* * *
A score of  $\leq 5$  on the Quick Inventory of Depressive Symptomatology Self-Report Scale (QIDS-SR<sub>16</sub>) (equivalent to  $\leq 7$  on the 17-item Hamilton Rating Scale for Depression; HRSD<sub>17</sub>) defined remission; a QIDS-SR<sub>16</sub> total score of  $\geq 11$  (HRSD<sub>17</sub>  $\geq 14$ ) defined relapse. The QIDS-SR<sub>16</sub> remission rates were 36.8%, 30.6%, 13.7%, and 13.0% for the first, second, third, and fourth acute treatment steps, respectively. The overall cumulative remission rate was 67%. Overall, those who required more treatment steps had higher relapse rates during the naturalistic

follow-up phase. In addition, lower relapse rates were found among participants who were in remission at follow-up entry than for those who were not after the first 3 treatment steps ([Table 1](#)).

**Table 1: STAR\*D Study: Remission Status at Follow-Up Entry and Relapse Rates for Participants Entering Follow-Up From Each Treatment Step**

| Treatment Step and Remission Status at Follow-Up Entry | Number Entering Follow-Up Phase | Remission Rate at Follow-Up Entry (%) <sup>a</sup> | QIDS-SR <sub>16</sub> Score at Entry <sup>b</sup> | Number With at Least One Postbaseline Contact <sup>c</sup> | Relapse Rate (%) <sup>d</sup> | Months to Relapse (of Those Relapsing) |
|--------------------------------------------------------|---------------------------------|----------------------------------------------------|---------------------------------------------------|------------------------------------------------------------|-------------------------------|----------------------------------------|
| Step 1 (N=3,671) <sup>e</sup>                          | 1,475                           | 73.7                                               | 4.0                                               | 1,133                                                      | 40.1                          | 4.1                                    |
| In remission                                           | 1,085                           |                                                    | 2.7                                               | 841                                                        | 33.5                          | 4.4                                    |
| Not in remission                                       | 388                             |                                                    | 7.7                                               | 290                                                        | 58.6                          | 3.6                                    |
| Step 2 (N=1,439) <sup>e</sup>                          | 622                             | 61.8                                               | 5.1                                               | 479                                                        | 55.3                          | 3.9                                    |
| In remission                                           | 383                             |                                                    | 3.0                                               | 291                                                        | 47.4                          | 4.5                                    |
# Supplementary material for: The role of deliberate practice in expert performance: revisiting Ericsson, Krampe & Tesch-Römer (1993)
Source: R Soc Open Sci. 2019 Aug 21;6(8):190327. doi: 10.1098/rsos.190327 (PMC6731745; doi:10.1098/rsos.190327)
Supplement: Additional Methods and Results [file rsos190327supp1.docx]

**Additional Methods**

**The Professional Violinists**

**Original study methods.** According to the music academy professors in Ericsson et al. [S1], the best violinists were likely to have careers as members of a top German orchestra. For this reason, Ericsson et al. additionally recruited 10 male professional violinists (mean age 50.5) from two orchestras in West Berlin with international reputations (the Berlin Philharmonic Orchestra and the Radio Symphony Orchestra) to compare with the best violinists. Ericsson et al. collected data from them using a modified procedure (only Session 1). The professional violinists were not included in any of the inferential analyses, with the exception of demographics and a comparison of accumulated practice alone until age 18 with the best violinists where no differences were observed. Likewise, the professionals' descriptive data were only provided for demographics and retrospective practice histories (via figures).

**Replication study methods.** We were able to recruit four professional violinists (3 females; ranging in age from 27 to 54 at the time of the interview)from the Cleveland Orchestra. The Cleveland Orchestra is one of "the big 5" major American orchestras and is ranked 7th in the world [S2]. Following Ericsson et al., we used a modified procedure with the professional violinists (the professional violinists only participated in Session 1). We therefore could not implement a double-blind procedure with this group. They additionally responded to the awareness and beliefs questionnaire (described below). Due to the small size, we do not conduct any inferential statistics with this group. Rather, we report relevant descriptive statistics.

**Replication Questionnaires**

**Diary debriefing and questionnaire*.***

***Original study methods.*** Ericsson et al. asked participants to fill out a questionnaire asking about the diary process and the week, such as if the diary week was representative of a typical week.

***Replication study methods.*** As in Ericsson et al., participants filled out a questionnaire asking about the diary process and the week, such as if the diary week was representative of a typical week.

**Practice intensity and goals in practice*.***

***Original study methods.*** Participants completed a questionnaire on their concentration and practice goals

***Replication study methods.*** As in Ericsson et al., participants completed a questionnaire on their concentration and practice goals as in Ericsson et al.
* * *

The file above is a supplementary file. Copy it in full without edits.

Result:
A score of  $\leq 5$  on the Quick Inventory of Depressive Symptomatology Self-Report Scale (QIDS-SR<sub>16</sub>) (equivalent to  $\leq 7$  on the 17-item Hamilton Rating Scale for Depression; HRSD<sub>17</sub>) defined remission; a QIDS-SR<sub>16</sub> total score of  $\geq 11$  (HRSD<sub>17</sub>  $\geq 14$ ) defined relapse. The QIDS-SR<sub>16</sub> remission rates were 36.8%, 30.6%, 13.7%, and 13.0% for the first, second, third, and fourth acute treatment steps, respectively. The overall cumulative remission rate was 67%. Overall, those who required more treatment steps had higher relapse rates during the naturalistic

follow-up phase. In addition, lower relapse rates were found among participants who were in remission at follow-up entry than for those who were not after the first 3 treatment steps ([Table 1](#)).

**Table 1: STAR\*D Study: Remission Status at Follow-Up Entry and Relapse Rates for Participants Entering Follow-Up From Each Treatment Step**

| Treatment Step and Remission Status at Follow-Up Entry | Number Entering Follow-Up Phase | Remission Rate at Follow-Up Entry (%) <sup>a</sup> | QIDS-SR <sub>16</sub> Score at Entry <sup>b</sup> | Number With at Least One Postbaseline Contact <sup>c</sup> | Relapse Rate (%) <sup>d</sup> | Months to Relapse (of Those Relapsing) |
|--------------------------------------------------------|---------------------------------|----------------------------------------------------|---------------------------------------------------|------------------------------------------------------------|-------------------------------|----------------------------------------|
| Step 1 (N=3,671) <sup>e</sup>                          | 1,475                           | 73.7                                               | 4.0                                               | 1,133                                                      | 40.1                          | 4.1                                    |
| In remission                                           | 1,085                           |                                                    | 2.7                                               | 841                                                        | 33.5                          | 4.4                                    |
| Not in remission                                       | 388                             |                                                    | 7.7                                               | 290                                                        | 58.6                          | 3.6                                    |
| Step 2 (N=1,439) <sup>e</sup>                          | 622                             | 61.8                                               | 5.1                                               | 479                                                        | 55.3                          | 3.9                                    |
| In remission                                           | 383                             |                                                    | 3.0                                               | 291                                                        | 47.4                          | 4.5                                    |
# Supplementary material for: The role of deliberate practice in expert performance: revisiting Ericsson, Krampe & Tesch-Römer (1993)
Source: R Soc Open Sci. 2019 Aug 21;6(8):190327. doi: 10.1098/rsos.190327 (PMC6731745; doi:10.1098/rsos.190327)
Supplement: Additional Methods and Results [file rsos190327supp1.docx]

**Additional Methods**

**The Professional Violinists**

**Original study methods.** According to the music academy professors in Ericsson et al. [S1], the best violinists were likely to have careers as members of a top German orchestra. For this reason, Ericsson et al. additionally recruited 10 male professional violinists (mean age 50.5) from two orchestras in West Berlin with international reputations (the Berlin Philharmonic Orchestra and the Radio Symphony Orchestra) to compare with the best violinists. Ericsson et al. collected data from them using a modified procedure (only Session 1). The professional violinists were not included in any of the inferential analyses, with the exception of demographics and a comparison of accumulated practice alone until age 18 with the best violinists where no differences were observed. Likewise, the professionals' descriptive data were only provided for demographics and retrospective practice histories (via figures).

**Replication study methods.** We were able to recruit four professional violinists (3 females; ranging in age from 27 to 54 at the time of the interview)from the Cleveland Orchestra. The Cleveland Orchestra is one of "the big 5" major American orchestras and is ranked 7th in the world [S2]. Following Ericsson et al., we used a modified procedure with the professional violinists (the professional violinists only participated in Session 1). We therefore could not implement a double-blind procedure with this group. They additionally responded to the awareness and beliefs questionnaire (described below). Due to the small size, we do not conduct any inferential statistics with this group. Rather, we report relevant descriptive statistics.

**Replication Questionnaires**

**Diary debriefing and questionnaire*.***

***Original study methods.*** Ericsson et al. asked participants to fill out a questionnaire asking about the diary process and the week, such as if the diary week was representative of a typical week.

***Replication study methods.*** As in Ericsson et al., participants filled out a questionnaire asking about the diary process and the week, such as if the diary week was representative of a typical week.

**Practice intensity and goals in practice*.***

***Original study methods.*** Participants completed a questionnaire on their concentration and practice goals

***Replication study methods.*** As in Ericsson et al., participants completed a questionnaire on their concentration and practice goals as in Ericsson et al.